Academic journal article Journalism History

Married to Rock and Roll: Jane Scott, Grandmother of Rock Journalism

Academic journal article Journalism History

Married to Rock and Roll: Jane Scott, Grandmother of Rock Journalism

Article excerpt

Jane Scott, a rock music critic for the Cleveland Plain Dealer from 1952 to 2002, was the first rock journalist at a daily U.S. newspaper; eventually the oldest rock critic on a daily paper; and finally, a woman in an area of journalism that was, and arguably still is, disproportionately crowded with young, male reporters. Over the fifty years, she became beloved by the world's biggest rock stars, as well as her readers, as she used luck, pluck, and a strong determination to succeed against the odds. Using interviews with Scott and those who knew and worked with her, along with newspaper and magazine articles, this is the story of a female pioneer who carved out a reportorial niche in something she came to love. "If you love what you are doing, you are blessed, " she said. "I consider what I have is love, and I'm just grateful that I was able to get it. I was just lucky. "

On a rainy February afternoon in Cleveland, Ohio, an elderly man stepped outside of his apartment complex to smoke a cigarette. "Don't let her bedazzle you, now," he said with a wink, to a young woman on her way to see his neighbor, Jane Scott. At eighty-six-years-old, Scott (known affectionately as the "World's Oldest Teenager")1 still has that effect on people. During her fifty-year career as a rock journalist for the Cleveland Plain Dealer-she was hired in 1952 and retired in 2002-she worked her charms on both the world's biggest rock stars and their fans (her reading public).

"Please excuse the mess," she warned on this day in 2005 as she opened her apartment door to reveal a living room cluttered with stacks of newspapers and magazines (many of which included articles written about her), bookcases lined from wall to wall with records, compact discs, and books, and countless rock and roll memorabilia collected over years on the job. On the wall hung an oversized, framed, black and white poster of the Beatles, the British musicians who in the late 1960s changed the course of rock and roll music in America as well as the course of her life and career.2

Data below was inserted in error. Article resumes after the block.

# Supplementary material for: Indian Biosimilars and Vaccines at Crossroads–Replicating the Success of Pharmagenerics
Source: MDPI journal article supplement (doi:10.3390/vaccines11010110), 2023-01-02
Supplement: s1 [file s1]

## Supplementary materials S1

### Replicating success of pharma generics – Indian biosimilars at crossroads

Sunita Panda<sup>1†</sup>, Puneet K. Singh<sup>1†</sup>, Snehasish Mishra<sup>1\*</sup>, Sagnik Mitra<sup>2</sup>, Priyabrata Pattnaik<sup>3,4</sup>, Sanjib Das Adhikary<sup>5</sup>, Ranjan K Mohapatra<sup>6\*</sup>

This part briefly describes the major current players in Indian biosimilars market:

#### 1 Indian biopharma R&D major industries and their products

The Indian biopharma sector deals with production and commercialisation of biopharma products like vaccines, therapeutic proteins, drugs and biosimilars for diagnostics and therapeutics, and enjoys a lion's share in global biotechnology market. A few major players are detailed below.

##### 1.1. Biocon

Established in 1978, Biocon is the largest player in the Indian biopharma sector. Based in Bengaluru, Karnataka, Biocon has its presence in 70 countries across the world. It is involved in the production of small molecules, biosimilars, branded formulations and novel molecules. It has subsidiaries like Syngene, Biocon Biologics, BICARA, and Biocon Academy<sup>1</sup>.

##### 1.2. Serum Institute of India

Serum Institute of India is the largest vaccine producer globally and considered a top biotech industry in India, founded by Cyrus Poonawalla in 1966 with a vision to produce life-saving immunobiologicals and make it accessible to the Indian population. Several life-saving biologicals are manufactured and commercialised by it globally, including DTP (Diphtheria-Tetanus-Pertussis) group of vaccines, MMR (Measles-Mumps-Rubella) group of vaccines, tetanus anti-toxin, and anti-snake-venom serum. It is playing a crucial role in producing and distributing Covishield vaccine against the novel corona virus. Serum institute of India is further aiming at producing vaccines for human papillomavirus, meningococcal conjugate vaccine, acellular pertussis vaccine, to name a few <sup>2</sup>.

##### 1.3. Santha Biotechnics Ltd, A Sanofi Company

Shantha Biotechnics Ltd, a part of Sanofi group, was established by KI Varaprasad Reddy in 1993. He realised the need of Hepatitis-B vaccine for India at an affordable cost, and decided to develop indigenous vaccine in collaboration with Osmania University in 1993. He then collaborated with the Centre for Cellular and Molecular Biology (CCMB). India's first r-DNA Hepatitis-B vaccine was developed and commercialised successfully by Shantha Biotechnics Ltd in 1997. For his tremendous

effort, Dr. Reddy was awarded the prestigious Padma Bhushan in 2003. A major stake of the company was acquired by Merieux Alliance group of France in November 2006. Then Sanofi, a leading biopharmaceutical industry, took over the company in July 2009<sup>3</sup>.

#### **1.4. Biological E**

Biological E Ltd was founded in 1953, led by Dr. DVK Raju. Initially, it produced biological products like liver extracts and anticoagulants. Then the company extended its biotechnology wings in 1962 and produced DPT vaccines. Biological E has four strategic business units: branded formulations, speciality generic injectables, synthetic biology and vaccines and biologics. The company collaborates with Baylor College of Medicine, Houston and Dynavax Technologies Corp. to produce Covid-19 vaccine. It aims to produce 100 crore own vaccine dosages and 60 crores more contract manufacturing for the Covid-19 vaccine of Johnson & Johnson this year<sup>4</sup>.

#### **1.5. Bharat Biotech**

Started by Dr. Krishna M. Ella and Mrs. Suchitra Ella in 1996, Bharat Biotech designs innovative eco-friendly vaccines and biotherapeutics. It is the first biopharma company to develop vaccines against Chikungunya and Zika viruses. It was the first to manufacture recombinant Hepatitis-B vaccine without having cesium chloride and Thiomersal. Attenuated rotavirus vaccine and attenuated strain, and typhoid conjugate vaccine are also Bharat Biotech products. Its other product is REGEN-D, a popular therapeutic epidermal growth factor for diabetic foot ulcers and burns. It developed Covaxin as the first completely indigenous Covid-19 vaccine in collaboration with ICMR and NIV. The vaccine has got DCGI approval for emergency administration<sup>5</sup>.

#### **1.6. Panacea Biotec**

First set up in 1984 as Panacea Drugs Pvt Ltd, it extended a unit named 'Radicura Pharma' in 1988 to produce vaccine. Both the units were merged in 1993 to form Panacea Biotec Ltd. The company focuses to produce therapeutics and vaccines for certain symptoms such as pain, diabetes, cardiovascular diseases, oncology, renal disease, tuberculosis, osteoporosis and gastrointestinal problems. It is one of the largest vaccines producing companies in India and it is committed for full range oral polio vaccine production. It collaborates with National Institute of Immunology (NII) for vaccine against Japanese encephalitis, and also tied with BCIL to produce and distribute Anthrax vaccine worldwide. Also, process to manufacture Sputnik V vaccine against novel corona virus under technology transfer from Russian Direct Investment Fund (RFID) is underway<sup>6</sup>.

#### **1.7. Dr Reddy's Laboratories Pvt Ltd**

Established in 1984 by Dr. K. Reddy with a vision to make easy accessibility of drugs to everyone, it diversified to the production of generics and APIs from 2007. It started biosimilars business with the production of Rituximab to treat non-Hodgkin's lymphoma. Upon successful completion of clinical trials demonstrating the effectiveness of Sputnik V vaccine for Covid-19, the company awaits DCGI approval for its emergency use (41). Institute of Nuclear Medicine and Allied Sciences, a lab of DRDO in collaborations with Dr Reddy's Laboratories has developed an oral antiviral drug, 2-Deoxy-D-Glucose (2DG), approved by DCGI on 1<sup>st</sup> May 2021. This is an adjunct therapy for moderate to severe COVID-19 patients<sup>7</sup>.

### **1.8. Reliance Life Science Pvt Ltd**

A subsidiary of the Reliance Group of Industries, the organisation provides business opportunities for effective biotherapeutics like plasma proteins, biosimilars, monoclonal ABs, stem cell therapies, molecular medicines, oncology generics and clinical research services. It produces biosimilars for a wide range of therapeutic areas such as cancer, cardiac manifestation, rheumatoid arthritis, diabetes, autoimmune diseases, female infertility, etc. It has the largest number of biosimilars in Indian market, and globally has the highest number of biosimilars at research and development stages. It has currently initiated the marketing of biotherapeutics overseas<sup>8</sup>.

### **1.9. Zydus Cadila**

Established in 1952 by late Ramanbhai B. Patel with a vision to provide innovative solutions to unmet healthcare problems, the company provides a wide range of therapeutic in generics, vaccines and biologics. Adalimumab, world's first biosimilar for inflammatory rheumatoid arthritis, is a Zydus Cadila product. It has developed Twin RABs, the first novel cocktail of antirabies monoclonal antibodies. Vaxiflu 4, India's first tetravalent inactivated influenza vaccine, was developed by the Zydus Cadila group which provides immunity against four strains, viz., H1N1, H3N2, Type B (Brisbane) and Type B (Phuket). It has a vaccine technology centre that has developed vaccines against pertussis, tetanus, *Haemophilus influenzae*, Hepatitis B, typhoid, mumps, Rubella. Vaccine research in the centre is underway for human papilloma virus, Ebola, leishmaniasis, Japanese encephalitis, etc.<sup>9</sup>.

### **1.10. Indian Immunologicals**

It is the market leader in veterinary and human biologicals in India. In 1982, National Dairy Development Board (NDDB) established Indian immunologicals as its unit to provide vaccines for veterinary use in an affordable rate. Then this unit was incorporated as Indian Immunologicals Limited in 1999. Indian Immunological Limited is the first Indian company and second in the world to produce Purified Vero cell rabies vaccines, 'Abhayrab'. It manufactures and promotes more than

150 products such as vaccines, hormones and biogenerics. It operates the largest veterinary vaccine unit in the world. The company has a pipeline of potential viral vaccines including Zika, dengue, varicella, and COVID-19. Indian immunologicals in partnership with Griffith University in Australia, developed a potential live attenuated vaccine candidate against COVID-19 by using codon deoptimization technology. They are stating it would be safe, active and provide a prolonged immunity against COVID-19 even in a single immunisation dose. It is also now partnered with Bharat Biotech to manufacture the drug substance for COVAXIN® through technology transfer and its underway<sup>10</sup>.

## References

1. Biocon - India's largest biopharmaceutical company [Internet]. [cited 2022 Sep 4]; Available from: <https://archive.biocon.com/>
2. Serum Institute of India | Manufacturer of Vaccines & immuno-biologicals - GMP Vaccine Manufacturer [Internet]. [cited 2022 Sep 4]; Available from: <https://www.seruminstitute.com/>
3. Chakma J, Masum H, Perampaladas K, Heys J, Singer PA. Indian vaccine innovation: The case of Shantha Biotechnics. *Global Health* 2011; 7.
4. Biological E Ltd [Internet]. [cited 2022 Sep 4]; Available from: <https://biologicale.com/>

In the field of rock journalism, Scott is an anomaly in several respects. According to rock journalist and scholar Robert Christgau, "the locally beloved, nationally obscure" Scott was the first rock journalist at a daily newspaper.3 Writing into her early eighties, she also became the oldest rock music critic on a daily metropolitan newspaper.4 Finally, in addition to being the first, and then the oldest in her field, she was a woman in an area of journalism that was, and arguably still is, disproportionately crowded with young male reporters.

In 1990, Robert O. Wyatt and Geoffrey P. Hull surveyed 195 music journalists on newspapers and magazines and came up with a composite picture of the "average" music critic: a thirty-six-yearold, college-educated male with thirteen years of experience in journalism and more than nine years in music journalism.5 Furthermore, "[o]ne can get a quick sense of how men dominate the rock journalism establishment by glancing at who is listed as a senior writer or senior, associate, assistant, or contributing editor on the masmeads of major rock magazines like Rolling Stone, Spin, and Raygun," wrote Kembrew McLeod in Pop Music and the Press in 2002. "In 1999, the number of female editors or senior writers at Rolling Stone hovered around a whopping 15 percent, at Spin and Raygun, roughly 20 percent."6

Gregory Stricharchuk of the Wall Street Journal noted in a profile of Scott in 1987, "Unlike many of her peers, most of whom are males in their thirties, she never takes herself too seriously."7 She was, however, taken seriously-most of the time-by the people with whom she worked, the rock musicians she interviewed, and the fans for whom she wrote thousands of articles. During her career, several major newspapers and magazines ran articles about Scott, including Rolling Stone and the Wall Street Journal, but only when she retired in 2002 did the media report extensively on her career. …

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